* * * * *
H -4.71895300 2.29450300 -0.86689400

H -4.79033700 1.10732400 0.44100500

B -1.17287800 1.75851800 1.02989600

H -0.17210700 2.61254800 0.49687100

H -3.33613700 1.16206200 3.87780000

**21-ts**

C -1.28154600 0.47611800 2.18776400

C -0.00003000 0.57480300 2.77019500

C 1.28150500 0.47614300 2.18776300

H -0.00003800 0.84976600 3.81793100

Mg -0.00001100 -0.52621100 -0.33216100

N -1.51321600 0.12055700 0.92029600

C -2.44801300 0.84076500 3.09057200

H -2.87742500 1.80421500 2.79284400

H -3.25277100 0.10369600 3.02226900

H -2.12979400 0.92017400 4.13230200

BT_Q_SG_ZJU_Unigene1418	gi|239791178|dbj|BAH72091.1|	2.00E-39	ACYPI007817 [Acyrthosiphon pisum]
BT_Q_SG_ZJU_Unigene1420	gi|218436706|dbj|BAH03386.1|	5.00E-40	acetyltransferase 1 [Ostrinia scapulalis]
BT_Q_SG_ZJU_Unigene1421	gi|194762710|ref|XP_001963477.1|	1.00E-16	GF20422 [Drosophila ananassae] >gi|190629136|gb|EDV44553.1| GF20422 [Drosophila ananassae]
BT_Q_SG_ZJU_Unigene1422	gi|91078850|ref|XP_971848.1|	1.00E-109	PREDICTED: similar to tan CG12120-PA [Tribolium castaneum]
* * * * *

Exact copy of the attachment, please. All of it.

H -4.71895300 2.29450300 -0.86689400

H -4.79033700 1.10732400 0.44100500

B -1.17287800 1.75851800 1.02989600

H -0.17210700 2.61254800 0.49687100

H -3.33613700 1.16206200 3.87780000

**21-ts**

C -1.28154600 0.47611800 2.18776400

C -0.00003000 0.57480300 2.77019500

C 1.28150500 0.47614300 2.18776300

H -0.00003800 0.84976600 3.81793100

Mg -0.00001100 -0.52621100 -0.33216100

N -1.51321600 0.12055700 0.92029600

C -2.44801300 0.84076500 3.09057200

H -2.87742500 1.80421500 2.79284400

H -3.25277100 0.10369600 3.02226900

H -2.12979400 0.92017400 4.13230200

BT_Q_SG_ZJU_Unigene1418	gi|239791178|dbj|BAH72091.1|	2.00E-39	ACYPI007817 [Acyrthosiphon pisum]
BT_Q_SG_ZJU_Unigene1420	gi|218436706|dbj|BAH03386.1|	5.00E-40	acetyltransferase 1 [Ostrinia scapulalis]
BT_Q_SG_ZJU_Unigene1421	gi|194762710|ref|XP_001963477.1|	1.00E-16	GF20422 [Drosophila ananassae] >gi|190629136|gb|EDV44553.1| GF20422 [Drosophila ananassae]
BT_Q_SG_ZJU_Unigene1422	gi|91078850|ref|XP_971848.1|	1.00E-109	PREDICTED: similar to tan CG12120-PA [Tribolium castaneum]